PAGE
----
"What--what's all this row about? Haven't you fellows anything more important to do than raising a roughhouse? Get out of here, the whole bunch of you! What's he done? Turn him over to the police and go on about your business."
One of the men said something in a low tone to Sully. The showman shot a keen, inquiring glance at the lad.
"Who are you?" he demanded.
"I don't know that it makes any difference. I saw a fellow robbing a woman, and it was my duty to stop him. I did it, then a lot of his companions, who, I suppose, belong to your show pitched into me."
"So, you are trying to run the whole show, are you?"
"I am not."
"Well, you get off this lot as fast as you can hoof it. If I find you butting in again it will be the worse for you."
"That's the fellow who was hanging around the lot at St. Catharines yesterday," spoke up someone.
"Yes; I remember now, he was asking me questions," said another, whose voice Phil recognized as belonging to the foreman of the stake and chain gang. "I got to thinking about it afterwards, and realized that he was a little too inquisitive for a greenhorn. He's been on the lot all day again."
Mr. Sully surveyed Phil with an ugly scowl.
"What are you doing around here, young man?"
"For one thing, I am trying to prevent one of your followers robbing a woman," answered Phil boldly.
"Who are you?"
"That is my own affair."
"I know him! I know him! I Know!" shouted another.
Sully turned to him inquiringly.
"Who is he, if you know so much?"
"He's a fellow what was with the Sparling outfit last year. He was always butting in then, and I can tell you he ain't here for any good now, Boss."
"So, that's the game is it?" sneered Sully. "You come with me. I've got a few questions I want to ask you."
"I don't have to go with you," replied Phil.
"Oh, yes you do! Bring him along and if he raises a row just hand him one and put him to sleep."
Two men grabbed Phil roughly by his arms.
He jerked away and started to run when he was pounced upon and borne to the ground. Phil found himself grasped by the collar and jerked violently to his feet, with the leering face of Sully thrust up close to his own.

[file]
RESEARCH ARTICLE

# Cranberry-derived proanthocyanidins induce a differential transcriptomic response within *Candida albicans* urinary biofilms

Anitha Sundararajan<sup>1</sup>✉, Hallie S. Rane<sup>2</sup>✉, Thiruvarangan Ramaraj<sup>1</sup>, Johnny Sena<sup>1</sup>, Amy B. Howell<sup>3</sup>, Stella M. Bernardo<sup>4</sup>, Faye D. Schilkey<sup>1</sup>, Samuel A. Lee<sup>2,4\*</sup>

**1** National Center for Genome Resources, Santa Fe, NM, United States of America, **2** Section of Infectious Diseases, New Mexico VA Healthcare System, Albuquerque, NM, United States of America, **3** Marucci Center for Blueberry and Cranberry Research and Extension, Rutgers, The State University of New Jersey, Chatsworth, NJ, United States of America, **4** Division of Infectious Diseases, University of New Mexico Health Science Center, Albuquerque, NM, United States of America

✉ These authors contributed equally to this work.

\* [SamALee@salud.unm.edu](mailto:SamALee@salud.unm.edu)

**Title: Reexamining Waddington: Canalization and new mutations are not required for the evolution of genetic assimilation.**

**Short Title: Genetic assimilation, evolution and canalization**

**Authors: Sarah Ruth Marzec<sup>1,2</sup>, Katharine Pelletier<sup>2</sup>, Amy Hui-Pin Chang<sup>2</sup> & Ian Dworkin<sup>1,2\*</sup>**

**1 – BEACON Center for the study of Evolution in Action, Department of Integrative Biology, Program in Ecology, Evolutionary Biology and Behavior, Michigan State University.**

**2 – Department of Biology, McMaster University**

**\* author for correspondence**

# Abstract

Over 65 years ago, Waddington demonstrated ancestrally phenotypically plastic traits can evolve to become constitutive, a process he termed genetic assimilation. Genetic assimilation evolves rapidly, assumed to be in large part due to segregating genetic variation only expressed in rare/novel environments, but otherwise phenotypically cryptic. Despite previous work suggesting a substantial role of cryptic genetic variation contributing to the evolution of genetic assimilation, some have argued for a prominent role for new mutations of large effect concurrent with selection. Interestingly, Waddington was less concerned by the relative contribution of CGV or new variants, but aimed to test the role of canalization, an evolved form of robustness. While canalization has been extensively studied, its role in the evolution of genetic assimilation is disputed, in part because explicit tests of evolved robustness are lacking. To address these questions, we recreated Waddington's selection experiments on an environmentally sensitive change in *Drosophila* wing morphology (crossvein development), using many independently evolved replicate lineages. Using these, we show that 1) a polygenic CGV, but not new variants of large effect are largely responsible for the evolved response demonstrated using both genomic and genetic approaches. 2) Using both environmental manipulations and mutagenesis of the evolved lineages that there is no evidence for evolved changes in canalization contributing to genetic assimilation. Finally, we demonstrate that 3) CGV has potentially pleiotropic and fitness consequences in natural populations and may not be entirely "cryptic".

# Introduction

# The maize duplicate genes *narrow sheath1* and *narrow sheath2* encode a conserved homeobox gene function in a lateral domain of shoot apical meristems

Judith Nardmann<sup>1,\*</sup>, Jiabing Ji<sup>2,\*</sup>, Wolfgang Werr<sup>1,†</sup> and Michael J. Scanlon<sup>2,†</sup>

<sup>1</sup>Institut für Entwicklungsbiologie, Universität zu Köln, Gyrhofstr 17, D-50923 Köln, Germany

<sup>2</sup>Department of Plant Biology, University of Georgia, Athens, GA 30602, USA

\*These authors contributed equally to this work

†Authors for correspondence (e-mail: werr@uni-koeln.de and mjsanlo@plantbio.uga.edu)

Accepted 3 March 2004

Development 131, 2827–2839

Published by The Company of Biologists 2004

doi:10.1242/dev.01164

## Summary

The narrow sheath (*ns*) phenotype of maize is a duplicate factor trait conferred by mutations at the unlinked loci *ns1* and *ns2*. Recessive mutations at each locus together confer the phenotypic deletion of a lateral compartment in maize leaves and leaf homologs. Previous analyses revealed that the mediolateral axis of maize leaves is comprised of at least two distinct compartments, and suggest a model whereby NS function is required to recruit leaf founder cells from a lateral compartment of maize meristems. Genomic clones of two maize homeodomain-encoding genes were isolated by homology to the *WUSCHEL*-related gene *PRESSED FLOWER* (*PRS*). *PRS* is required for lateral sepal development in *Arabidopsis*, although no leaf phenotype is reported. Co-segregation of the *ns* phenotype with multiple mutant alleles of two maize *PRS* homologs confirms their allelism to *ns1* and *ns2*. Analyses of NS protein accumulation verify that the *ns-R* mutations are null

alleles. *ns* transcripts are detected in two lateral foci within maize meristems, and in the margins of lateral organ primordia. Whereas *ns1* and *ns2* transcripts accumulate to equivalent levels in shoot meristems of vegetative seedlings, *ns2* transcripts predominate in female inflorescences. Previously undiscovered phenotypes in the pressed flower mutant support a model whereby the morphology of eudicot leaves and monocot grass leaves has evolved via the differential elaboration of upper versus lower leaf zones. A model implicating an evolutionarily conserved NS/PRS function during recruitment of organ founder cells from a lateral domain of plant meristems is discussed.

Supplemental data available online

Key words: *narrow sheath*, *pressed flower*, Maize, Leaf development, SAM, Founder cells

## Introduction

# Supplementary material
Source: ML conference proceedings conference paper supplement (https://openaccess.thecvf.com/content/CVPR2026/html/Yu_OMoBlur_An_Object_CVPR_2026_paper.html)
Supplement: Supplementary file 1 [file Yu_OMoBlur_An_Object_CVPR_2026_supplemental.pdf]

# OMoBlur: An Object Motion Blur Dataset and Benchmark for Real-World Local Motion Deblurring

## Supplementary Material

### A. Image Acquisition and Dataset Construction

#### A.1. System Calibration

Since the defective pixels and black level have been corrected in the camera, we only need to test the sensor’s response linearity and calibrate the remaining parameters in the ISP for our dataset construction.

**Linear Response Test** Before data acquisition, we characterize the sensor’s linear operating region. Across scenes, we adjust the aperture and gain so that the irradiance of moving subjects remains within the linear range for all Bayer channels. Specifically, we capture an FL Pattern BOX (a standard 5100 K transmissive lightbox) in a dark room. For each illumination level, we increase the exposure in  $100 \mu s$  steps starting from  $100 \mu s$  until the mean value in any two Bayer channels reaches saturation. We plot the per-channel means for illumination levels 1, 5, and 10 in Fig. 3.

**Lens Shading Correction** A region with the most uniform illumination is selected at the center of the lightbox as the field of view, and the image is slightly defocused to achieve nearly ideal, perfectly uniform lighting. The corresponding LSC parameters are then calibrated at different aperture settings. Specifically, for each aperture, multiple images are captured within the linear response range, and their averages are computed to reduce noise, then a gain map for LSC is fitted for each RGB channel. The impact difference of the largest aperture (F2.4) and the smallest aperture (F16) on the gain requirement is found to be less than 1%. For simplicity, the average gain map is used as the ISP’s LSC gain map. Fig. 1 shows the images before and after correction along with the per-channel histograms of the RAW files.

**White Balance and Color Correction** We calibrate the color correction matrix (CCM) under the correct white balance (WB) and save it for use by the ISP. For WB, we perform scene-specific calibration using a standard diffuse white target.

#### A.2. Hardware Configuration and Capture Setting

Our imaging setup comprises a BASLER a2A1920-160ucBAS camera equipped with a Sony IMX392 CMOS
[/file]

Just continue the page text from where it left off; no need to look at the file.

"I'll see that you don't get away this time," growled the showman.
Dragging the lad along by the collar further off on the lot, the showman finally paused.
"Get the carriage," he commanded sharply.
"What you going to do with me?" demanded Phil.
"That depends. I'm going to find out something about you first, and decide what to do with you later."
"And, when you get through, I shall have you arrested for assault. It will be my turn to act then," retorted the Circus Boy. "I have done nothing except to stop a miserable thief from plying his trade. I understand that's a game you--"
"That will do, young man. Here's the wagon. Now, if you go quietly you will have no trouble. But just try to call for help, or raise any sort of a ruction, and you'll see more stars than there are in the skies when the moon's on a strike. Get in there."
Phil was thrust into the closed carriage, which the showman used for driving back and forth between the train and the lot.
Quick as a flash Phil Forrest dived through the open coach window on the other side, and with equal quickness he was pounced upon by the driver, who had gotten off on that side, probably at a signal from Sully.
Had Sully not run around to the other side of the wagon Phil would have quickly disposed of the driver, strong as was the latter.
With an enraged cry Sully sprang upon Phil, and raised his hand to strike.
"If you attempt to do that you'll serve the rest of the season in jail," dared Phil, taking a bold course. "You know they don't trifle with brutes like you up here in Canada?"
Sully growled an unintelligible reply, but that he recognized the truth of the lad's words was evident when he slowly dropped his clenched fist to his side.
"I'll see that you don't get away this time," he said once more thrusting Phil into the carriage, this time, however, keeping a firm grip on the lad's arm.
The driver whipped up the horse and the carriage rumbled away, soon reaching the village street and turning sharply off into a side street.